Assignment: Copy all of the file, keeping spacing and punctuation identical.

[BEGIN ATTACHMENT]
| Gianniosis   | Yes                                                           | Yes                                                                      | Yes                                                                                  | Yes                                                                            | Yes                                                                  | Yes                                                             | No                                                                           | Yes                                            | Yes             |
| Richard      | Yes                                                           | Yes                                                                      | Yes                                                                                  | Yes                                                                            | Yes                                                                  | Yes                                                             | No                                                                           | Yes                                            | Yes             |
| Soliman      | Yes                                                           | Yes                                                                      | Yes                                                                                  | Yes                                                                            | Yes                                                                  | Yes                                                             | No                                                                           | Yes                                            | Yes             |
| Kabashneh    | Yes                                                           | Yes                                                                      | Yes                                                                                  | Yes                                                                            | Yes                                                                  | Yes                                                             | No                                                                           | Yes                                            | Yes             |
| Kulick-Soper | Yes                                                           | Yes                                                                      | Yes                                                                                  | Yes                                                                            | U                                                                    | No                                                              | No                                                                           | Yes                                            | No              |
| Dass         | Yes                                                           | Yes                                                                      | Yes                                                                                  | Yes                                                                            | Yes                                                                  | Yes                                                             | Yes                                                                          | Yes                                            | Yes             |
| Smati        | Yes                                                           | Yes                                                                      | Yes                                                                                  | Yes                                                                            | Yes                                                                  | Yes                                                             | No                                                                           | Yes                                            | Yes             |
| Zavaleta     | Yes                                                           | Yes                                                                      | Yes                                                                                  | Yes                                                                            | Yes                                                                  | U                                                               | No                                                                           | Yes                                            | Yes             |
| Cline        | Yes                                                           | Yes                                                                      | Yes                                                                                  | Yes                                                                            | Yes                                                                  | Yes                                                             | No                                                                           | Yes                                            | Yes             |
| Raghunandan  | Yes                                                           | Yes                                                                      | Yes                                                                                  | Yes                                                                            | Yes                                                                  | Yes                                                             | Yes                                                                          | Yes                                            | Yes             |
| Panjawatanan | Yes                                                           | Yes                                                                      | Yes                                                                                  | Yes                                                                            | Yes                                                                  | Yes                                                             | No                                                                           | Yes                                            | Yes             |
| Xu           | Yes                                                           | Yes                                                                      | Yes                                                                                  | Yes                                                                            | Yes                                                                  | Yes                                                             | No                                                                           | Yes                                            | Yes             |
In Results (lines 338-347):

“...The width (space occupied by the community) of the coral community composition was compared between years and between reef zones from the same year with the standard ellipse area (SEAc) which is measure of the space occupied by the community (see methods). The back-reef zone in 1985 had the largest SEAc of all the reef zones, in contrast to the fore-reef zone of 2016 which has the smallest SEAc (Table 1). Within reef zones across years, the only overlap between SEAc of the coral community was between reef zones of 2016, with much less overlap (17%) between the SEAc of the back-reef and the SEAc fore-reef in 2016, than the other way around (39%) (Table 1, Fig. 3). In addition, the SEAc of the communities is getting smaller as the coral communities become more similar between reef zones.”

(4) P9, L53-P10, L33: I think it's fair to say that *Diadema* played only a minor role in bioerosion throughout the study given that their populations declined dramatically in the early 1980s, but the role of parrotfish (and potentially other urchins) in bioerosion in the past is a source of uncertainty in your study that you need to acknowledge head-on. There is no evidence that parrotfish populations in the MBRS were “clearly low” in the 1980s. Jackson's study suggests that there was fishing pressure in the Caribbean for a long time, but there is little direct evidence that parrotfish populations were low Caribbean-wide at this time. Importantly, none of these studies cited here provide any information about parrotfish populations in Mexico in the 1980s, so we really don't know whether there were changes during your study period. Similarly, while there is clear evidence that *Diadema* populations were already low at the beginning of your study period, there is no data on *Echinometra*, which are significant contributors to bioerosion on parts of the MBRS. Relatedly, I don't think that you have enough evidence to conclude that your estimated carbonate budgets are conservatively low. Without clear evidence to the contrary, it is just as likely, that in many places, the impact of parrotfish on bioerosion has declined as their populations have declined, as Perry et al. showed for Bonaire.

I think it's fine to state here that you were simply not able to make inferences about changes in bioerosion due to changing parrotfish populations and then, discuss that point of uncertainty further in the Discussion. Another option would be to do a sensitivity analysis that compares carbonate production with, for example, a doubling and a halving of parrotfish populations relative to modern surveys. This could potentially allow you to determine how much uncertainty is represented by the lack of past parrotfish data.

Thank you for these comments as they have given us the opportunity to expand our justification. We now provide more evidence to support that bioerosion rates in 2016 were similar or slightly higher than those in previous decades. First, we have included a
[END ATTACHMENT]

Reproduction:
| Gianniosis   | Yes                                                           | Yes                                                                      | Yes                                                                                  | Yes                                                                            | Yes                                                                  | Yes                                                             | No                                                                           | Yes                                            | Yes             |
| Richard      | Yes                                                           | Yes                                                                      | Yes                                                                                  | Yes                                                                            | Yes                                                                  | Yes                                                             | No                                                                           | Yes                                            | Yes             |
| Soliman      | Yes                                                           | Yes                                                                      | Yes                                                                                  | Yes                                                                            | Yes                                                                  | Yes                                                             | No                                                                           | Yes                                            | Yes             |
| Kabashneh    | Yes                                                           | Yes                                                                      | Yes                                                                                  | Yes                                                                            | Yes                                                                  | Yes                                                             | No                                                                           | Yes                                            | Yes             |
| Kulick-Soper | Yes                                                           | Yes                                                                      | Yes                                                                                  | Yes                                                                            | U                                                                    | No                                                              | No                                                                           | Yes                                            | No              |
| Dass         | Yes                                                           | Yes                                                                      | Yes                                                                                  | Yes                                                                            | Yes                                                                  | Yes                                                             | Yes                                                                          | Yes                                            | Yes             |
| Smati        | Yes                                                           | Yes                                                                      | Yes                                                                                  | Yes                                                                            | Yes                                                                  | Yes                                                             | No                                                                           | Yes                                            | Yes             |
| Zavaleta     | Yes                                                           | Yes                                                                      | Yes                                                                                  | Yes                                                                            | Yes                                                                  | U                                                               | No                                                                           | Yes                                            | Yes             |
| Cline        | Yes                                                           | Yes                                                                      | Yes                                                                                  | Yes                                                                            | Yes                                                                  | Yes                                                             | No                                                                           | Yes                                            | Yes             |
| Raghunandan  | Yes                                                           | Yes                                                                      | Yes                                                                                  | Yes                                                                            | Yes                                                                  | Yes                                                             | Yes                                                                          | Yes                                            | Yes             |
| Panjawatanan | Yes                                                           | Yes                                                                      | Yes                                                                                  | Yes                                                                            | Yes                                                                  | Yes                                                             | No                                                                           | Yes                                            | Yes             |
| Xu           | Yes                                                           | Yes                                                                      | Yes                                                                                  | Yes                                                                            | Yes                                                                  | Yes                                                             | No                                                                           | Yes                                            | Yes             |
In Results (lines 338-347):

“...The width (space occupied by the community) of the coral community composition was compared between years and between reef zones from the same year with the standard ellipse area (SEAc) which is measure of the space occupied by the community (see methods). The back-reef zone in 1985 had the largest SEAc of all the reef zones, in contrast to the fore-reef zone of 2016 which has the smallest SEAc (Table 1). Within reef zones across years, the only overlap between SEAc of the coral community was between reef zones of 2016, with much less overlap (17%) between the SEAc of the back-reef and the SEAc fore-reef in 2016, than the other way around (39%) (Table 1, Fig. 3). In addition, the SEAc of the communities is getting smaller as the coral communities become more similar between reef zones.”

(4) P9, L53-P10, L33: I think it's fair to say that *Diadema* played only a minor role in bioerosion throughout the study given that their populations declined dramatically in the early 1980s, but the role of parrotfish (and potentially other urchins) in bioerosion in the past is a source of uncertainty in your study that you need to acknowledge head-on. There is no evidence that parrotfish populations in the MBRS were “clearly low” in the 1980s. Jackson's study suggests that there was fishing pressure in the Caribbean for a long time, but there is little direct evidence that parrotfish populations were low Caribbean-wide at this time. Importantly, none of these studies cited here provide any information about parrotfish populations in Mexico in the 1980s, so we really don't know whether there were changes during your study period. Similarly, while there is clear evidence that *Diadema* populations were already low at the beginning of your study period, there is no data on *Echinometra*, which are significant contributors to bioerosion on parts of the MBRS. Relatedly, I don't think that you have enough evidence to conclude that your estimated carbonate budgets are conservatively low. Without clear evidence to the contrary, it is just as likely, that in many places, the impact of parrotfish on bioerosion has declined as their populations have declined, as Perry et al. showed for Bonaire.

I think it's fine to state here that you were simply not able to make inferences about changes in bioerosion due to changing parrotfish populations and then, discuss that point of uncertainty further in the Discussion. Another option would be to do a sensitivity analysis that compares carbonate production with, for example, a doubling and a halving of parrotfish populations relative to modern surveys. This could potentially allow you to determine how much uncertainty is represented by the lack of past parrotfish data.

Thank you for these comments as they have given us the opportunity to expand our justification. We now provide more evidence to support that bioerosion rates in 2016 were similar or slightly higher than those in previous decades. First, we have included a